- The Washington Times - Thursday, June 25, 2009

It is shades of paparazzi past.

A photo of Michael Jackson, engulfed by an oxygen mask and lying in an ambulance, was made public Thursday afternoon, even before his death was officially announced. Footage of Mr. Jackson’s body being moved from hospital to morgue was trailed overhead by a TV station helicopter, as if the crew were following a police chase or tracking a celebrity wedding.

“It’s truly the coarsening of our culture. It’s the Princess Diana syndrome. Can you remember a time in the past when morbid photos of celebrities were spread all over the place for all to see?” said Warner Todd Huston, a media analyst with Newsbusters.com and publiusforum.com.

“It is driving us down the road of bad taste and poor judgment. Some of it has to do with our culture of communication. You have to know things right this minute. Now. On Twitter, or on the screen. People are not willing to be reflective at a time like this, which deserved solemnity,” Mr. Huston said.

Robert Lichter, director of the Center for Media and Public Affairs at George Mason University, said he “wouldn’t be surprised if we see the autopsy photos. There are no limits now. There are nude photos of pregnant actresses, and the dearly departed too. It’s like we get fetal-to-death celebrity now.”

The availability of the images of Mr. Jackson in death proved an opportunity for ambitious news organizations.

The still photo and video footage immediately went viral, both online and in broadcast. CNN prominently featured the helicopter footage, taped by Los Angeles ABC affiliate KABC - paired with nonstop commentary and celebrity interviews with Larry King.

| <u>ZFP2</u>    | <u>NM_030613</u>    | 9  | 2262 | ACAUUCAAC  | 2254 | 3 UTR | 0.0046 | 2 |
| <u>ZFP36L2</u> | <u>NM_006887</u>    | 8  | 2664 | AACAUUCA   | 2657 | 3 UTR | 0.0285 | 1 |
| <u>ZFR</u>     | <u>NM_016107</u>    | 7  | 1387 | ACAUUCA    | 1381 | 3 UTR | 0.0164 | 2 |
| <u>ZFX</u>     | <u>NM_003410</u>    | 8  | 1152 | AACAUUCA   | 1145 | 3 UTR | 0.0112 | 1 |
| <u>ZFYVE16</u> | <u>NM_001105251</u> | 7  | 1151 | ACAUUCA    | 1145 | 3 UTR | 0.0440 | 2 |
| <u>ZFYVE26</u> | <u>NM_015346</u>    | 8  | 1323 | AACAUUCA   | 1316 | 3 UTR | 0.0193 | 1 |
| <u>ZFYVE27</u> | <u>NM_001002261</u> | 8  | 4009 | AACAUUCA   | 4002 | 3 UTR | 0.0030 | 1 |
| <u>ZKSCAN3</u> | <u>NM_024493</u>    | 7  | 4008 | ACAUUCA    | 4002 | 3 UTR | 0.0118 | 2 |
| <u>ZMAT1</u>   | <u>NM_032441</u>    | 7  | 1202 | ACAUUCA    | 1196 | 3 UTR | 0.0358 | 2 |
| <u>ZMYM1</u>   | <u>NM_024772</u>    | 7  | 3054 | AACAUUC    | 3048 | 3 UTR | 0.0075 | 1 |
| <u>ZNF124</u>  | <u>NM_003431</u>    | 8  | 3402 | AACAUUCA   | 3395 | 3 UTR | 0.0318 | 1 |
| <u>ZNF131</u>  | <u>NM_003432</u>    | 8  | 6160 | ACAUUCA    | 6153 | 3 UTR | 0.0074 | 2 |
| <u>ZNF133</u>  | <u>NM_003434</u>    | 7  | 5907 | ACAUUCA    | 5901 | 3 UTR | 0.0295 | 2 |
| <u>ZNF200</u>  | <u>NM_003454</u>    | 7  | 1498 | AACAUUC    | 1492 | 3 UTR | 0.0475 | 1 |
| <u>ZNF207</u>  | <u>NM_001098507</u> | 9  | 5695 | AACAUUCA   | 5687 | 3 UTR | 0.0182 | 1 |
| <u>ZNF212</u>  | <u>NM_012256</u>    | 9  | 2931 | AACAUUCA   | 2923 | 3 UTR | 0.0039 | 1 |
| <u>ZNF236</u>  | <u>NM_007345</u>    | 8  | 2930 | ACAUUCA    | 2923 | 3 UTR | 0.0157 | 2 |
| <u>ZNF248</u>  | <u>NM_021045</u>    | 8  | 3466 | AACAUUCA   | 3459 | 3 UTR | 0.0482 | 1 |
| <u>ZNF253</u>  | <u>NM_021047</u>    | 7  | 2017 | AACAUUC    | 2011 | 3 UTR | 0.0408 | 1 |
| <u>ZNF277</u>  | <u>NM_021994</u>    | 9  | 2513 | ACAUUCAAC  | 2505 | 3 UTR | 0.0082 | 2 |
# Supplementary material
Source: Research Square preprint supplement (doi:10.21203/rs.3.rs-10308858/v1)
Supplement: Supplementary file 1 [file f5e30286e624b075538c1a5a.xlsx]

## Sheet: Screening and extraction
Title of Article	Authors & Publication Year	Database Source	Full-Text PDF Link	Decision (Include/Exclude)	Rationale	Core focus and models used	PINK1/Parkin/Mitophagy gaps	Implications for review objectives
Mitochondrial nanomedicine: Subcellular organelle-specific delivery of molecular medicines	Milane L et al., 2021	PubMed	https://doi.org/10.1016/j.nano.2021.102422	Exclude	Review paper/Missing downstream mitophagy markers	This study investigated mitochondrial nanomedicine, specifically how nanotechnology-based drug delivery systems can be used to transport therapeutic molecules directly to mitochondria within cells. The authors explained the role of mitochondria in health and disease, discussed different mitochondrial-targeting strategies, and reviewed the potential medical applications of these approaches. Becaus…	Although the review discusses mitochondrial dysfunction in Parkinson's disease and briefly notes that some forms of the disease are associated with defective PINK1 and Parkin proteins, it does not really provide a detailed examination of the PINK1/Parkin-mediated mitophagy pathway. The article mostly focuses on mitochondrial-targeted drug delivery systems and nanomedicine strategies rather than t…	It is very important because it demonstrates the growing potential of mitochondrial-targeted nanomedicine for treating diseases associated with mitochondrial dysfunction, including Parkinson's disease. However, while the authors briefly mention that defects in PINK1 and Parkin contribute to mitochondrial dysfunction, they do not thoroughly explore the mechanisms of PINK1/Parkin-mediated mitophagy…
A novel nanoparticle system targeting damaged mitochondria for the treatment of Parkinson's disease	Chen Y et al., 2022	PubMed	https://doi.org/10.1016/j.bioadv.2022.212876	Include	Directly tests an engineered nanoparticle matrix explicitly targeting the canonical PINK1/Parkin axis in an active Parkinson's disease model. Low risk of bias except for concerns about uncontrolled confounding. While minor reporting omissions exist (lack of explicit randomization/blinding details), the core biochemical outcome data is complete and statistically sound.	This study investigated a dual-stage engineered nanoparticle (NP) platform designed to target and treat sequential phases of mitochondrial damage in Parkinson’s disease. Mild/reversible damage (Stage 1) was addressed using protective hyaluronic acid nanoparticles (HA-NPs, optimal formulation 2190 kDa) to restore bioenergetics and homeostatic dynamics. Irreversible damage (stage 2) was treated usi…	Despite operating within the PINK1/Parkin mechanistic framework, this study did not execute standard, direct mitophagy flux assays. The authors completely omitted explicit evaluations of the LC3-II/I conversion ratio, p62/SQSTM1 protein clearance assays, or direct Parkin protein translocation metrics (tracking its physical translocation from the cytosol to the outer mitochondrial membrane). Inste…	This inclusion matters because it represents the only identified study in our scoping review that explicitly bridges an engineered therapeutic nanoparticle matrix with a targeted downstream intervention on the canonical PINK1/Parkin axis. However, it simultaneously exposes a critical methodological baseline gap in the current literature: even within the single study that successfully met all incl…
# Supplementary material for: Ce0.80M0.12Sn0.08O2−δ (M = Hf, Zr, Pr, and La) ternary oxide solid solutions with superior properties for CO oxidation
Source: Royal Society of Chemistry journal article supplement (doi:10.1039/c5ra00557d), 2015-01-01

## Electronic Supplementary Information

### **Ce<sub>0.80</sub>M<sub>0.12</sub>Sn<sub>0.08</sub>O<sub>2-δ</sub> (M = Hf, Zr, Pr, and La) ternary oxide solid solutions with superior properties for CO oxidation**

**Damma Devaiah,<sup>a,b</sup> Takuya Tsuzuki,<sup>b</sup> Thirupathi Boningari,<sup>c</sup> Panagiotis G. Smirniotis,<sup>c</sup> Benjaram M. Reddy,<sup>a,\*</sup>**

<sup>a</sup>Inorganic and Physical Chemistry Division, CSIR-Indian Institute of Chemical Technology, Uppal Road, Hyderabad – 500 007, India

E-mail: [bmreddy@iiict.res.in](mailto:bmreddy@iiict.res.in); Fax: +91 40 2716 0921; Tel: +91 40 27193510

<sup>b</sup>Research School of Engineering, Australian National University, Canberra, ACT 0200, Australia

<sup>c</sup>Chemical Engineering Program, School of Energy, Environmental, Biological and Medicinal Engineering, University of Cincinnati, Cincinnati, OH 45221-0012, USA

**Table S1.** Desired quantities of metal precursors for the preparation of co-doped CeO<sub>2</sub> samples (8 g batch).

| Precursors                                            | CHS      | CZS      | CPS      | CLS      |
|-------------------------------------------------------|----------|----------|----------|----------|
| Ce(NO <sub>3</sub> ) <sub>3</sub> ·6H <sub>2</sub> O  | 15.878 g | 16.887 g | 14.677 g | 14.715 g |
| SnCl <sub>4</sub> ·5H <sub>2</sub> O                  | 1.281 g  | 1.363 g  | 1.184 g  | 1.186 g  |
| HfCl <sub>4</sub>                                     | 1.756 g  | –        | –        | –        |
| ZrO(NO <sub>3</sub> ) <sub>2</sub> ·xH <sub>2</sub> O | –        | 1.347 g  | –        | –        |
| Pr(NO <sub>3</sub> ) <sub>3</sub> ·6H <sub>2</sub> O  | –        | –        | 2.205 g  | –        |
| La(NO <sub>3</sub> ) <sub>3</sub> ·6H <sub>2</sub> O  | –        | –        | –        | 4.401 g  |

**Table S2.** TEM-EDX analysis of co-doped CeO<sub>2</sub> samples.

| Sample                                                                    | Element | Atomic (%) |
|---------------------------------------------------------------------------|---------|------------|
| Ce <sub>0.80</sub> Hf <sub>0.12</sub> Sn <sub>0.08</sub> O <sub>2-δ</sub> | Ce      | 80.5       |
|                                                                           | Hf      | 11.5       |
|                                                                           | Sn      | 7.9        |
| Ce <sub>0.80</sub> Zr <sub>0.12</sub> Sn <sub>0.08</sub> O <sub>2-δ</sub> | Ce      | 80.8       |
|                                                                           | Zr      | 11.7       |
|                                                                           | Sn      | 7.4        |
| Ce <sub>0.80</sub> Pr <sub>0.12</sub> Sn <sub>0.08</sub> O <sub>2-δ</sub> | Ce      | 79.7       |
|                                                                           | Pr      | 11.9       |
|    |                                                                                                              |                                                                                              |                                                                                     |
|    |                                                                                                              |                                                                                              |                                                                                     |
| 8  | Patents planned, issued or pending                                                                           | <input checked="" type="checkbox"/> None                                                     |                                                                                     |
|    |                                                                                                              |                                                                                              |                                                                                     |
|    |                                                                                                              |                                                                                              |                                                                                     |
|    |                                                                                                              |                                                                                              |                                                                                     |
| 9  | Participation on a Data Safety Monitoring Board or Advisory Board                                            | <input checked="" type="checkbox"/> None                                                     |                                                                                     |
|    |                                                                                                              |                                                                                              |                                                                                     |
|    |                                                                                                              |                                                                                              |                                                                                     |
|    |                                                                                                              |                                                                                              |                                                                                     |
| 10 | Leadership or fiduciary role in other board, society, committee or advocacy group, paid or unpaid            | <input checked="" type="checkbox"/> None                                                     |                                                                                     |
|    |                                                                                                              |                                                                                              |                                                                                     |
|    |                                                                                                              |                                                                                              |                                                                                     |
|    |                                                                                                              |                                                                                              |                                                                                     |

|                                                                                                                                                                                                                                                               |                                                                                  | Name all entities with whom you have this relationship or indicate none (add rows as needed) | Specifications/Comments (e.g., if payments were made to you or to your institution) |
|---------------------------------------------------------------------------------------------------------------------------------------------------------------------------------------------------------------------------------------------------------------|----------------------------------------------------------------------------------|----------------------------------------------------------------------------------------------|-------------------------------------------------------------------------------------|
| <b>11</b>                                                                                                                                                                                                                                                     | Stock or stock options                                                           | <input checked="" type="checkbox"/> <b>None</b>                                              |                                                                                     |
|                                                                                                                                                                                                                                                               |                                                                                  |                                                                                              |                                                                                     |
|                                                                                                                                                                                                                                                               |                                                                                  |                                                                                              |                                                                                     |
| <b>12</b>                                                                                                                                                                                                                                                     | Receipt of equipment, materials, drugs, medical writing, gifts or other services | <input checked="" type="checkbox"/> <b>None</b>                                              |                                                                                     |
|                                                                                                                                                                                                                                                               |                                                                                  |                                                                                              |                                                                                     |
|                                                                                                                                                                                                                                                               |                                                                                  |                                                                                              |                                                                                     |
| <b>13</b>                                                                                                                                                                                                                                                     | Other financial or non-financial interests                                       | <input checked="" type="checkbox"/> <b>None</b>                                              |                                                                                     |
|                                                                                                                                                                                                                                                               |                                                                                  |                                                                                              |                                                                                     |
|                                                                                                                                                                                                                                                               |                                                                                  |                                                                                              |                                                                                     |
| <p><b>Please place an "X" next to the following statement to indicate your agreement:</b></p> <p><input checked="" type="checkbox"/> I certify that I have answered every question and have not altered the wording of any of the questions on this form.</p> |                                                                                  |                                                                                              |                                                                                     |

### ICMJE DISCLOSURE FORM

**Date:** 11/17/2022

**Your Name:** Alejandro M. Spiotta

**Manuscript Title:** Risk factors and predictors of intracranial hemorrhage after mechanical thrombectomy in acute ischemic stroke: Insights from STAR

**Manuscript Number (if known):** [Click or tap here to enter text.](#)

Entertainment Tonight splashed the photo across its Web site at 5 p.m. Eastern time, billing it “Breaking News - Michael Jackson: Exclusive Last Photo,” emblazoned in red, with the “ET” logo prominently displayed on the photo itself. The Web site is a property of CBS Studios.

Recently, the death of actor David Carradine drew similar treatment, as several news accounts in tabloid and the mainstream press featured photos of a closet draped with ropes, said to be the spot where Mr. Carradine died.

Photos of a severely ailing, emaciated Farrah Fawcett, who died Thursday of cancer, have also surfaced, along with images of terminally ill Patrick Swayze.

In the case of Neda Agha-Soltan - the young woman gunned down during recent civil unrest in Iran - her photo and the grisly video footage of her bloody death on the street also received considerable media attention, though it led to her lionization, not commercialization.

Neda quickly became a symbol among Iranians of courage and democracy.

• Jennifer Harper can be reached at jharper@washingtontimes.com.

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